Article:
Texas Medical Association Lends Limited Support to Medical Cannabis Reform

The Texas Medical Association (TMA) has long supported a physician’s right to discuss marijuana use with patients. In 2013, the Texas Medical Association told KVUE News:

TMA policy supports the physician’s right to discuss with his or her patients any and all possible treatment options related to the patient’s health and clinical care (including the use of marijuana) without the threat to physician or patient of regulatory, disciplinary, or criminal sanctions.

Recently, though, the powerful association went further, offering several recommendations about the Therapeutic Use of Marijuana, Cannabidiol, and Related Compounds.
One of their four recommendations includes:
Remove current restrictions in state law that allow physicians to recommend cannabidiol (CBD) only for specific diseases. Given physicians’ first duty to “do no harm,” physicians need to be able to assess their patients’ conditions, the available treatments, and to discuss and make appropriate and evidence-based recommendations.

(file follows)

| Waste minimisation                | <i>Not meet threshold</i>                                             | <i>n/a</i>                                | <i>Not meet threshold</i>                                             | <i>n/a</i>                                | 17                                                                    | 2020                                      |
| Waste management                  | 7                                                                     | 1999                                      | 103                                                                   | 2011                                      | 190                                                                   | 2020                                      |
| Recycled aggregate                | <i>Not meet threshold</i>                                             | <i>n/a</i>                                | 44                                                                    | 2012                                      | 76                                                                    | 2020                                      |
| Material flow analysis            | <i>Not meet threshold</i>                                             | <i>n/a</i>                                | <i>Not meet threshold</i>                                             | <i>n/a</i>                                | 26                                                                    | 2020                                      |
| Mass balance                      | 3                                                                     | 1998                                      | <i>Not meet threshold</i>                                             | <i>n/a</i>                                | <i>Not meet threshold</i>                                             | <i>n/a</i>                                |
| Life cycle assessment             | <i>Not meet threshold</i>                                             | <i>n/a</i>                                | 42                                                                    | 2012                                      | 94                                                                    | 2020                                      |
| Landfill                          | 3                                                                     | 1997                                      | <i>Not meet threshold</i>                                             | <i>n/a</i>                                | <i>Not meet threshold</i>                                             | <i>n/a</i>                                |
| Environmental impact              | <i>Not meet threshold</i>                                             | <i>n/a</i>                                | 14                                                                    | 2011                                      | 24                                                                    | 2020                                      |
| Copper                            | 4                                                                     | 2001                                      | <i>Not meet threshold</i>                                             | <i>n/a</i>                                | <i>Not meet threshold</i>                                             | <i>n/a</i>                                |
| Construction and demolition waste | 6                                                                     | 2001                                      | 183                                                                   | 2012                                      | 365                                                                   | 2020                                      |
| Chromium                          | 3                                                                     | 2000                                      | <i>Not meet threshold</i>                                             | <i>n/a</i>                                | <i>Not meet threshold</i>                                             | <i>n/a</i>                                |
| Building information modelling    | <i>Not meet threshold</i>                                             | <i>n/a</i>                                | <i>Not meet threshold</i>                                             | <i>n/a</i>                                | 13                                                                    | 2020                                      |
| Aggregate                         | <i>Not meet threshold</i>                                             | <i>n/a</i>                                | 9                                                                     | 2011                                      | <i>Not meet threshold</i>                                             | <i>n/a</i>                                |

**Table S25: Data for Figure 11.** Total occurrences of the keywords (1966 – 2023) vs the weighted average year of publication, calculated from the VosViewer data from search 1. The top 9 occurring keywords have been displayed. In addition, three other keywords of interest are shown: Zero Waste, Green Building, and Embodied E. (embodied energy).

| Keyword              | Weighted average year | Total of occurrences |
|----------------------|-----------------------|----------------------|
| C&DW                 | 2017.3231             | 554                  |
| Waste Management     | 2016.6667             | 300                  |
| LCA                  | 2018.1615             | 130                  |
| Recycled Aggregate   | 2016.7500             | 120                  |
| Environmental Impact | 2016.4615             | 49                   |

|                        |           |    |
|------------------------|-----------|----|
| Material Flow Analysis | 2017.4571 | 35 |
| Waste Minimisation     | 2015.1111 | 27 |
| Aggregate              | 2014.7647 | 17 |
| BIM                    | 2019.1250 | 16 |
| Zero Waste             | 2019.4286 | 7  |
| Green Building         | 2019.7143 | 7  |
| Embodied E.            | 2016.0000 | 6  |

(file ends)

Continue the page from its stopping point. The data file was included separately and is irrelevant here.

While this is far from an endorsement of medical cannabis in general, they are recognizing that the state should not have a set list of conditions dictating which patients can have access to CBD and, presumably, the Compassionate Use Program.


Something else of note is their use the term “recommend,” rather than “prescribe.” This is important because current Texas law requires doctors to “prescribe” cannabis, which puts them in jeopardy with the DEA. This flaw in our state law is likely to be the reason so few doctors have registered to participate (less than 55 in all of Texas).

Doctors cannot prescribe Schedule I drugs. In states with functional medical cannabis programs, doctors recommend cannabis and certify patients through the state. This is a formal process, but it’s not a “prescription.” (More info on this subject can be found here.)

TMA has a heavy influence at the Capitol. Their support of even modest reforms is significant in advancing legislation to make the Compassionate Use Program more inclusive.
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Photo Credit: Houston Chronicle.